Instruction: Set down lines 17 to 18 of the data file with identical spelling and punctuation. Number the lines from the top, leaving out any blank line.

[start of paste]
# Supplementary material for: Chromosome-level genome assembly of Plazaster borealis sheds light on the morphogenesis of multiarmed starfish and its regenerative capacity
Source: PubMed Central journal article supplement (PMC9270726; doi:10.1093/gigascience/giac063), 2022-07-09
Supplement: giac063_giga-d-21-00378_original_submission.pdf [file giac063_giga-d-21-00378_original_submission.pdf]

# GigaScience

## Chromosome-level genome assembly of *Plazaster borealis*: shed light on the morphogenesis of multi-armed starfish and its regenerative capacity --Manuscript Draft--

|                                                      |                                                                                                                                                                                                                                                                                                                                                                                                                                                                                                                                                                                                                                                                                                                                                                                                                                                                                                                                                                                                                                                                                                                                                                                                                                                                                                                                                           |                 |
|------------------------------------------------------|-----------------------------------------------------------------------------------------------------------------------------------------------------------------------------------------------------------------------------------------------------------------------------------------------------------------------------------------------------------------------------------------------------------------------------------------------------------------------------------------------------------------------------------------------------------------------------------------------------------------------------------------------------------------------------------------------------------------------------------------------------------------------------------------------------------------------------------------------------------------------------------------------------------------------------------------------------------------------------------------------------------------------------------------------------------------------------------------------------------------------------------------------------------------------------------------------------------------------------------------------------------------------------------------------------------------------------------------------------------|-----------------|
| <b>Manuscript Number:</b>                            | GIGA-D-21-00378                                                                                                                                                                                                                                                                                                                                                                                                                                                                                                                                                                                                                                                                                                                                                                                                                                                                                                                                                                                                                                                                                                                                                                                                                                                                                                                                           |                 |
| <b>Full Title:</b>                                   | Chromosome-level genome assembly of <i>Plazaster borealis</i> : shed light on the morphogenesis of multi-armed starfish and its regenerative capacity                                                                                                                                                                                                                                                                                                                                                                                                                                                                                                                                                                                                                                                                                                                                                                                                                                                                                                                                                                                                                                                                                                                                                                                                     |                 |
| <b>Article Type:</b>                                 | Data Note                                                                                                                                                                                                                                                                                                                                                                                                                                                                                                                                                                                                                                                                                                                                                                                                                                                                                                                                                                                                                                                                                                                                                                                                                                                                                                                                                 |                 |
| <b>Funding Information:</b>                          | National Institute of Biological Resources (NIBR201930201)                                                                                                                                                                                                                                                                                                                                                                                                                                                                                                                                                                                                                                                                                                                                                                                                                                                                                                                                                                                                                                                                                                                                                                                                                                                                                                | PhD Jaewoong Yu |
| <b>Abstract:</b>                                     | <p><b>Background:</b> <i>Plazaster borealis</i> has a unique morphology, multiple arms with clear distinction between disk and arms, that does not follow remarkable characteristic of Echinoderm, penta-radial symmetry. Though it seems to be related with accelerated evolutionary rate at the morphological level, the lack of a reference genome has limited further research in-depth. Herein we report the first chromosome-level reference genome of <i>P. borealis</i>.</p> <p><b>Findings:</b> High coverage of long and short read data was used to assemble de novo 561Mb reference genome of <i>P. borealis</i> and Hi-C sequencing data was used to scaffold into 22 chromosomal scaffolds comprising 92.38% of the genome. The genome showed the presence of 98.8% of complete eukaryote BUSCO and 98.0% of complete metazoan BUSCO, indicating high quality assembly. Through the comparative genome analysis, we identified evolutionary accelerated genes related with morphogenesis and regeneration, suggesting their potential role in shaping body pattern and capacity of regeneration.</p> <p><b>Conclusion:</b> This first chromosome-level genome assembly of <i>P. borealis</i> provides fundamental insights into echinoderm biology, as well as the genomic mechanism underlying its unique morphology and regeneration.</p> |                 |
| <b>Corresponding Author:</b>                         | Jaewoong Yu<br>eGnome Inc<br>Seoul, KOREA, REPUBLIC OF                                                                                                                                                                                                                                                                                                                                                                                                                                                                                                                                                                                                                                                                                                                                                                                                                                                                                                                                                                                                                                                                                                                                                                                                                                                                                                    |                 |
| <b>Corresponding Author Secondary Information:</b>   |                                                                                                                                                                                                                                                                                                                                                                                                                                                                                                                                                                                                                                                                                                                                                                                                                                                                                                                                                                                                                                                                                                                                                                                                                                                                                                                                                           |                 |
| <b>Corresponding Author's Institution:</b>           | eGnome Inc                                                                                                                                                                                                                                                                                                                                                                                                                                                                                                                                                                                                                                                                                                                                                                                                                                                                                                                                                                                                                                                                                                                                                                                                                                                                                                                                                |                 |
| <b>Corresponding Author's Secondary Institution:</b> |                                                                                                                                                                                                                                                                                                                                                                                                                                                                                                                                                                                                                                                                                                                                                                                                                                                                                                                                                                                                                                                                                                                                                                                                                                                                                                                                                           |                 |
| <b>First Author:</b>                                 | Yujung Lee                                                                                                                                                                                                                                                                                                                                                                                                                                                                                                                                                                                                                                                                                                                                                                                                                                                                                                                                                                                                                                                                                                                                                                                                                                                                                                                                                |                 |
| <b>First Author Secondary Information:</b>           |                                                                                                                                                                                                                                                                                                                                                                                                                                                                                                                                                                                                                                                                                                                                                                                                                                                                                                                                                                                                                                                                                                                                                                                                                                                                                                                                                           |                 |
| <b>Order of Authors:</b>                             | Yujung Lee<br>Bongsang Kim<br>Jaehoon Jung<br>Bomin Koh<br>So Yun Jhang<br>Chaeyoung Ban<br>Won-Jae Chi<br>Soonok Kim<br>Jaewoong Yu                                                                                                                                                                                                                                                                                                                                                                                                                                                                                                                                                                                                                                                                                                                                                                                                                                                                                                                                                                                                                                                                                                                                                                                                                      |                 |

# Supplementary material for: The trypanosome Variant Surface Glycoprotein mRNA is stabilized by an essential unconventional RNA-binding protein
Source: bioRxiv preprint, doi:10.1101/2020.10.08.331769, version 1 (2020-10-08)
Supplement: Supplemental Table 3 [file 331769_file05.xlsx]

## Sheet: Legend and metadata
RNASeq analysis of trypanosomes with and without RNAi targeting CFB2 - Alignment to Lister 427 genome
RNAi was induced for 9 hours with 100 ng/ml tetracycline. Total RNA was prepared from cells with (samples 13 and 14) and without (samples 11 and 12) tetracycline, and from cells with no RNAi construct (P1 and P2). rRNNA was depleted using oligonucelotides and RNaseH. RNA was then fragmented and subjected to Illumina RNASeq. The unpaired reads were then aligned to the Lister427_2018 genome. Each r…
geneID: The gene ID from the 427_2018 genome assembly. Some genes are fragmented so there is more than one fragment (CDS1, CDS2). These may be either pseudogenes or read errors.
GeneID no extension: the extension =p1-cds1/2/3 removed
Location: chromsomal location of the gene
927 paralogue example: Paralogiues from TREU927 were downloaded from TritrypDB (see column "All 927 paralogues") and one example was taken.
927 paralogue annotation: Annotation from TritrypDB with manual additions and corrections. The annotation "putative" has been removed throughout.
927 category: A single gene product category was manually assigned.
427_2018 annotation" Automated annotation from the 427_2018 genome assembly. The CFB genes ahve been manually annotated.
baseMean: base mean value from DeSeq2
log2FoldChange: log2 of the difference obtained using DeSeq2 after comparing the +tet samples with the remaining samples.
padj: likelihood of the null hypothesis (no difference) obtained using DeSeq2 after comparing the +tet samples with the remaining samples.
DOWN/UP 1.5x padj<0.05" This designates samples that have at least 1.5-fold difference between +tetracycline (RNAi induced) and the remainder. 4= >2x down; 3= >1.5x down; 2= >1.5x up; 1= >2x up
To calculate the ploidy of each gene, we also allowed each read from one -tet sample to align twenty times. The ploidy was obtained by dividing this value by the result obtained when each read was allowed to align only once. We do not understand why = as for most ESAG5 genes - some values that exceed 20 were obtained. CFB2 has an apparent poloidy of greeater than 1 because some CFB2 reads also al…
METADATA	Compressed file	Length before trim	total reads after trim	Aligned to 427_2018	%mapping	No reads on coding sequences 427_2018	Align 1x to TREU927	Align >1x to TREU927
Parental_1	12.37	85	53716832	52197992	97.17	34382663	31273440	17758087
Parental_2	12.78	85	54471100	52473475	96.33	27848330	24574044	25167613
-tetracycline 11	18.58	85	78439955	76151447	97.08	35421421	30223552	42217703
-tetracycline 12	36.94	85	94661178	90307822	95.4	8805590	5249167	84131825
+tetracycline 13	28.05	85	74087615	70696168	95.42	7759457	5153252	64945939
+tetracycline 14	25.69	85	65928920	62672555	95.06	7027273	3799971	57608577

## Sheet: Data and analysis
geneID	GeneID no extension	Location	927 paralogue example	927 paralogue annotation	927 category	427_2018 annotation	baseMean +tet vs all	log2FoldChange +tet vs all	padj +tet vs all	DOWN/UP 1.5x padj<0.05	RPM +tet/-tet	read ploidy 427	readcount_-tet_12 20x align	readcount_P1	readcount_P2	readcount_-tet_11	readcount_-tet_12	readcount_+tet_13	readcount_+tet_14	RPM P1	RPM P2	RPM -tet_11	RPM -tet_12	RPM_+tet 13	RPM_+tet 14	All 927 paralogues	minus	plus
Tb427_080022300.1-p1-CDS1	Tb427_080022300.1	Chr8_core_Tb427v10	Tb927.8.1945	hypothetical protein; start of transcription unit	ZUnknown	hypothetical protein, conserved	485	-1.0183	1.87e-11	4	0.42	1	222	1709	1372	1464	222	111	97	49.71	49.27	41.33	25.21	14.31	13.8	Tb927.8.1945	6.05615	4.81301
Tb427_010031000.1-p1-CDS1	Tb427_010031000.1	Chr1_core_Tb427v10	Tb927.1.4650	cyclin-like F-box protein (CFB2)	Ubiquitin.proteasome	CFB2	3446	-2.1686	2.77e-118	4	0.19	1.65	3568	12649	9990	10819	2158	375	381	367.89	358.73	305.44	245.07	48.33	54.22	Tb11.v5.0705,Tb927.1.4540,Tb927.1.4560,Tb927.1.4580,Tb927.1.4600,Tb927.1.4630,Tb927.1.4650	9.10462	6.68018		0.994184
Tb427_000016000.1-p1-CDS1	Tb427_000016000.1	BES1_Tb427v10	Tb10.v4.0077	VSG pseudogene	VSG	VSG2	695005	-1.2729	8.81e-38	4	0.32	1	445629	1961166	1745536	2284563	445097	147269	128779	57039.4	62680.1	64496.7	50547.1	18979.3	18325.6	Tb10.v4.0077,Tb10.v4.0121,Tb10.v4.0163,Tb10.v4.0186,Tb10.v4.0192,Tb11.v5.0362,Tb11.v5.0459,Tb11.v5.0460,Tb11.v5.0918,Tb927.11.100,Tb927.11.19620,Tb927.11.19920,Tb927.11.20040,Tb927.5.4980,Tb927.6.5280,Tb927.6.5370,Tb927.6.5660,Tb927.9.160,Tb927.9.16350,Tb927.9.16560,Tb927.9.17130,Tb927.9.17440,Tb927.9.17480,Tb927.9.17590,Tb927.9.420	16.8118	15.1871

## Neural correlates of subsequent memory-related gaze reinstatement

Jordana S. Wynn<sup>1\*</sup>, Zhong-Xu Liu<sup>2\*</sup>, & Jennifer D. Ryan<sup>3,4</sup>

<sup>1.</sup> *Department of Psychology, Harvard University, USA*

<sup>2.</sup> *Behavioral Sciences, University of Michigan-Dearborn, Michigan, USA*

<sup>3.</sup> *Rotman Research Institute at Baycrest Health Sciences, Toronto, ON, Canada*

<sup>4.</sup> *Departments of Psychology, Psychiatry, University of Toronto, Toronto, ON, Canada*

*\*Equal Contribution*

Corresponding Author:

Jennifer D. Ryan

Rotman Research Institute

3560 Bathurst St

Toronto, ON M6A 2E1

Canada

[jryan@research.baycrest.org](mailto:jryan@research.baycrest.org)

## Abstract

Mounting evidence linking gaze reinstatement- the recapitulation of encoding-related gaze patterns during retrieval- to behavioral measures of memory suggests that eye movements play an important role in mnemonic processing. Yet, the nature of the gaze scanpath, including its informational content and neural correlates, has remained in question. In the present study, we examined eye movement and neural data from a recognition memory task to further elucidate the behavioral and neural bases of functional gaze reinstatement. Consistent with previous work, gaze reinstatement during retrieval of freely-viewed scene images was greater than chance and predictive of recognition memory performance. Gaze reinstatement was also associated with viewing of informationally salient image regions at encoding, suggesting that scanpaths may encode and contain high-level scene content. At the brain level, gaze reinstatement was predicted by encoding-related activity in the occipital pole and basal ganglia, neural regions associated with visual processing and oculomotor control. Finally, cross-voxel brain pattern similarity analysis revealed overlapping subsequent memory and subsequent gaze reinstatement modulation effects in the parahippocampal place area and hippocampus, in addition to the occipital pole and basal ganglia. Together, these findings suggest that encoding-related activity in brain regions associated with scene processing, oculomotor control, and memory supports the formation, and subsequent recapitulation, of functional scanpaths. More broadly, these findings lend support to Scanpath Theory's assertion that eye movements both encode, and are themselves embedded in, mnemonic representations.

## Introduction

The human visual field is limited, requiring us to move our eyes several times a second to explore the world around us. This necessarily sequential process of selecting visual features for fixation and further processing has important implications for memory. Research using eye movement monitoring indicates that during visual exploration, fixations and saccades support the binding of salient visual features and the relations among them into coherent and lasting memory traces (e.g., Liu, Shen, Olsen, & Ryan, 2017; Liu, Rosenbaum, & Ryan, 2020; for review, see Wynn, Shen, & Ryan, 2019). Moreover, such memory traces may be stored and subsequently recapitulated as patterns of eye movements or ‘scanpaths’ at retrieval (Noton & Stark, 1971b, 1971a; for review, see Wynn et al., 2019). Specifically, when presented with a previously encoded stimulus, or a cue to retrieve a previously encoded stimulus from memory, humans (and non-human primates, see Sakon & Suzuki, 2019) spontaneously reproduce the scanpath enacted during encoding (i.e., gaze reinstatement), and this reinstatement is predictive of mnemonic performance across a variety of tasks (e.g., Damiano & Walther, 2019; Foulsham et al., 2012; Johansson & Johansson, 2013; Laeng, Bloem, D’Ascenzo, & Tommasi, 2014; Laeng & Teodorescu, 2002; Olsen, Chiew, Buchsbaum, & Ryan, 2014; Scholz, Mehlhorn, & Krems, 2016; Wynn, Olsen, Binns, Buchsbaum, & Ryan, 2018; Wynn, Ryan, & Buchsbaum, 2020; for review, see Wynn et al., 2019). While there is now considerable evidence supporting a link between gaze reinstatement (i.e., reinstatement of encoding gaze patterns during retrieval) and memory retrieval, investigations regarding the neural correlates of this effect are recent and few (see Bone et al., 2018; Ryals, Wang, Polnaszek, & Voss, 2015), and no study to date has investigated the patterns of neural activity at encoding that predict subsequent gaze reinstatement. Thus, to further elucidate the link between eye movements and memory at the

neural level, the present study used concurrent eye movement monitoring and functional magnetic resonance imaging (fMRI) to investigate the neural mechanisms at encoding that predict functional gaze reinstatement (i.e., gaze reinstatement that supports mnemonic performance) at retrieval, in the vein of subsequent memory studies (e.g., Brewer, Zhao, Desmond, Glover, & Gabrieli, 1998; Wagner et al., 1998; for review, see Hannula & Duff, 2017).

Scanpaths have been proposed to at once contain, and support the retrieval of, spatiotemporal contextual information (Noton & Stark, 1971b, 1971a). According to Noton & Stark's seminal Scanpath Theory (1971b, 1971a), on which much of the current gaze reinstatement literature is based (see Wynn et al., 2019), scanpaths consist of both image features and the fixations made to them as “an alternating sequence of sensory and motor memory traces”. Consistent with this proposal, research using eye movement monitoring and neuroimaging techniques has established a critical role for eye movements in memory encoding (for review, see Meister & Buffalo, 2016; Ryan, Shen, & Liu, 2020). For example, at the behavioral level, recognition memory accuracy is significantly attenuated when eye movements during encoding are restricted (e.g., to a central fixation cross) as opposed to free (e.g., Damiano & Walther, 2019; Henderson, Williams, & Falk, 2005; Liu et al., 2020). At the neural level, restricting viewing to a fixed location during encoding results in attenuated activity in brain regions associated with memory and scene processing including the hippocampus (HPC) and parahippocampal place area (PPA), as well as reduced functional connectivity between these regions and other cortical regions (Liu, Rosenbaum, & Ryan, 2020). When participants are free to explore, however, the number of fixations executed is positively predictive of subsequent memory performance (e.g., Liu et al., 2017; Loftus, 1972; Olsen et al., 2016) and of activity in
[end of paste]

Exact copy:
| <b>First Author:</b>                                 | Yujung Lee                                                                                                                                                                                                                                                                                                                                                                                                                                                                                                                                                                                                                                                                                                                                                                                                                                                                                                                                                                                                                                                                                                                                                                                                                                                                                                                                                |                 |
| <b>First Author Secondary Information:</b>           |                                                                                                                                                                                                                                                                                                                                                                                                                                                                                                                                                                                                                                                                                                                                                                                                                                                                                                                                                                                                                                                                                                                                                                                                                                                                                                                                                           |                 |